What It Means to Be an Entrepreneur

What It Means to Be an Entrepreneur

If you have the drive, the vision, the creativity and you are willing to take the risks, you can join a community that is changing the world every day. Watch more videos at: http://www.entrepreneur…
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25 Responses

  1. Universidad Siglo 21 says:

    “Redefinir lo que es posible” ▶ Lo que significa ser emprendedor

  2. HABAKA says:

    What an amazing week ! Thank you all for supporting entrepreneurship in
    Madagascar +GEW Madagascar #Madagascar #GEW #GEW2014 #GEW2014MG

  3. Satyajeet Vishwakarma says:

    What It Means to Be an Entrepreneur
    #Entrepreneur #Startup #Inspiring

  4. The Erica Chang says:

    +JR Ridinger & +Loren Ridinger should be in it. Go Market America!

  5. Reichweit says:

    #mustsee #entrepreneur @Entrepreneur

  6. Jaarwis Accelerator says:

    Our greatest rewards are yet to come.”
    Check out the inspiring video on ‪#‎Entrepreneurial‬ spirit!
    ‪#‎TuesdayWatch‬ ‪#‎Startup‬ ‪#‎Inspiration‬

  7. tupacleo88 says:

    Question… Is a person who creates a brand off offering a service to
    people that already exist an Entrepreneur? 

  8. College Works Painting says:

    Are you apart of the entrepreneur community?

  9. Texas Women In Business says:

    “Our greatest rewards are yet to come.” Texas Women In Business celebrates
    the entrepreneurial spirit. Brought to you by….you guessed it, +
    Entrepreneur Magazine. #entrepreneur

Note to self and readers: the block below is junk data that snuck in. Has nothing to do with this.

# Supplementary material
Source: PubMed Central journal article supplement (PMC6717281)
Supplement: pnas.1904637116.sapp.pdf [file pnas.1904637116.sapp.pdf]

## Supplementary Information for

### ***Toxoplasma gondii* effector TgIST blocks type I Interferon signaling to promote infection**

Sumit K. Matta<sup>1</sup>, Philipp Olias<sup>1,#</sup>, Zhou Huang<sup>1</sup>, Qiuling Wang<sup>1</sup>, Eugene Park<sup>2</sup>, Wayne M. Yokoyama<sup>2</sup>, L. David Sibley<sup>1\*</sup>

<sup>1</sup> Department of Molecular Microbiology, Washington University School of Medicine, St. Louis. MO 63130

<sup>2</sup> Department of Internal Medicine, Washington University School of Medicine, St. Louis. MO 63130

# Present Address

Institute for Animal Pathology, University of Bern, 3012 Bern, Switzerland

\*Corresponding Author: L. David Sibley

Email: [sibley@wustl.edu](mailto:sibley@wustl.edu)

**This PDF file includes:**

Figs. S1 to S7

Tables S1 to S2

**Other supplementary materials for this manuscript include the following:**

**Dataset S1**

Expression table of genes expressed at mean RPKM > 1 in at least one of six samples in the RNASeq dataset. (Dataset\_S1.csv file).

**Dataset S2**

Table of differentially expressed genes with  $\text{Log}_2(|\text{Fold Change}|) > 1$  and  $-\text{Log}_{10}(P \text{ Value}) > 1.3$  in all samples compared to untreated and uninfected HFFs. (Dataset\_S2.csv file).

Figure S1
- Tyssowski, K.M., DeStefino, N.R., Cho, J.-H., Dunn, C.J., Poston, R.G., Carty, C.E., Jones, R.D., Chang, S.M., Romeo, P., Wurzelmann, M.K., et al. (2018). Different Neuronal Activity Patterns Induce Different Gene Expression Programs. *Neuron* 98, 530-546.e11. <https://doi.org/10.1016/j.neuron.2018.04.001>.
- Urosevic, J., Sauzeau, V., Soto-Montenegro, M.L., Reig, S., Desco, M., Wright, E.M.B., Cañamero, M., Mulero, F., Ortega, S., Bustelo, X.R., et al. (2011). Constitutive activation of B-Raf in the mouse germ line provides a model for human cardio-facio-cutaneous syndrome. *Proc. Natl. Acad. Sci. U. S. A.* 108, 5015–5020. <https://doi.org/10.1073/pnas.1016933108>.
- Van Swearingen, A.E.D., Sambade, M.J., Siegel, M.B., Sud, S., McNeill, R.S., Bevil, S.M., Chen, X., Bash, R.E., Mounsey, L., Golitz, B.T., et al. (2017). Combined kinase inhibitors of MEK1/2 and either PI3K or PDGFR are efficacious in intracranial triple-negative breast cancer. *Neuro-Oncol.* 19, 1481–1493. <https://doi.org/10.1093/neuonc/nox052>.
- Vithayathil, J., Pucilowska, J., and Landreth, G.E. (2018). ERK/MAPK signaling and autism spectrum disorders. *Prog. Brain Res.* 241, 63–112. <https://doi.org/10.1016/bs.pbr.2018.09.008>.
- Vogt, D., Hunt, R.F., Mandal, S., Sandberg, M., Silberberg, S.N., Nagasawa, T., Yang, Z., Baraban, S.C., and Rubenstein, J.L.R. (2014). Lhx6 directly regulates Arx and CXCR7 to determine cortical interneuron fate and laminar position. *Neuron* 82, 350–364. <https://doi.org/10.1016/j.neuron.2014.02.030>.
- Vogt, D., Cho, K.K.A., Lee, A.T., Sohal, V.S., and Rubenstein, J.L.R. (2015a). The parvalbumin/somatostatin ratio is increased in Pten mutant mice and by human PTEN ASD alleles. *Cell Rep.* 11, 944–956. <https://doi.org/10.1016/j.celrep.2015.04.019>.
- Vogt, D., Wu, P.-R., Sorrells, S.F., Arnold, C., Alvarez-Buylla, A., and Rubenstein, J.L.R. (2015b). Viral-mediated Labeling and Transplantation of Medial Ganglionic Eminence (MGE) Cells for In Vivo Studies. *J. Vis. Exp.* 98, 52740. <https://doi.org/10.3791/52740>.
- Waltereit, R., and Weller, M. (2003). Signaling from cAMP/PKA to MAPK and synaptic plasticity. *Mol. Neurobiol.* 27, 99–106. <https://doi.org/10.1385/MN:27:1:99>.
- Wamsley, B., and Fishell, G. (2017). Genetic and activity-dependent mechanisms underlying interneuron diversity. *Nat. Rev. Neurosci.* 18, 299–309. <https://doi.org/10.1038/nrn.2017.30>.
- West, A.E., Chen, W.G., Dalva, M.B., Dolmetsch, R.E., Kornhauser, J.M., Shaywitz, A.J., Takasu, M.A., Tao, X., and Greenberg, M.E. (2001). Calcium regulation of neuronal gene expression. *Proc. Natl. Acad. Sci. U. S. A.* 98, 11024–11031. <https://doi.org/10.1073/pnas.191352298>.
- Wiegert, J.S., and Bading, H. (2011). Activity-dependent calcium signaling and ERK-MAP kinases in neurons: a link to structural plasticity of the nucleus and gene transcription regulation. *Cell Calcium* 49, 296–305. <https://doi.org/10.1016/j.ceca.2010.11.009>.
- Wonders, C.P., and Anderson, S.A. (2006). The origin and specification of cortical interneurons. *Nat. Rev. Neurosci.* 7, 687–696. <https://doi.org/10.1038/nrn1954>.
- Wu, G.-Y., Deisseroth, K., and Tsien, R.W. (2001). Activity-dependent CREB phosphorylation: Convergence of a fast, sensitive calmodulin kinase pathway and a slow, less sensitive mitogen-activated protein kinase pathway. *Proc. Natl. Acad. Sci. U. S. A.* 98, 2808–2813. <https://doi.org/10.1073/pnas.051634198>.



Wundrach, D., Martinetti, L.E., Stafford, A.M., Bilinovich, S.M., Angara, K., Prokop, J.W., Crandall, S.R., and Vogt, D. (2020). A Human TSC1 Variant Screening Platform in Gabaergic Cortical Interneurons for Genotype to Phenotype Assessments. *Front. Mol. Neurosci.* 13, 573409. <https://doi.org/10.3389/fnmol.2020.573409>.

10. wedran says:

    What It Means to Be an Entrepreneur – YouTube

  11. Evan Carmichael says:

    Woot! #Believe 

  12. Ryan Shanks says:

    So proud to be part of this! I love this life!

  13. Rico Ehmke says:
  14. Caroline Yanagishita says:

    nice drive !

  15. Murray Legg says:

    In July, I went to New York with the lads from Webfluential with the aim of
    talking to PR and content agencies about providing the service in the US,
    and speaking to entrepreneurs about their experience in getting their small
    businesses to market there. It was very clear to me that the entrepreneurs,
    or at least the successful ones that had sustained themselves to tell their
    stories, were older than us – mid forties, energetic, engaging men and
    women, unlike the 30 somethings we (generally) have in South Africa. That
    flagged a question that I’ve been pondering since – what is the right age
    to commit to being a full time entrepreneur? The rationale I’ve brought to
    reason suggested that the older, the better. Here’s why.

    For an entrepreneurial venture to be successful, it must add economic value
    to its target audience. It must fend off competitors and attract market
    share to operate sustainably in the world. Traditional industries have long
    operated at scale and kept young minnows at bay due to their competitive
    nature, raising the hurdle for new entrants. If a new operator is to enter
    the market, by implication it has to service a niche or finite gap in a
    wider market. To understand the gaps, how long they’ll remain gaps, and how
    to best exploit them, the entrepreneur should have deep understanding and
    experience in that market. This track record and prior experience in the
    market implies that a better suited entrepreneur for success is an older,
    networked, wiser one.

    The technology industry is an outlying benchmark determining the average
    age of an entrepreneur. The competitive advantage that the youth have over
    older guys is the ability to risk time and be able to code. In the same way
    that Gates, Jobs and Dell, all born at a similar time, outperformed the
    market in computer hardware and software solutions because they could build
    hardware and sell it better than others trying the same at that time. You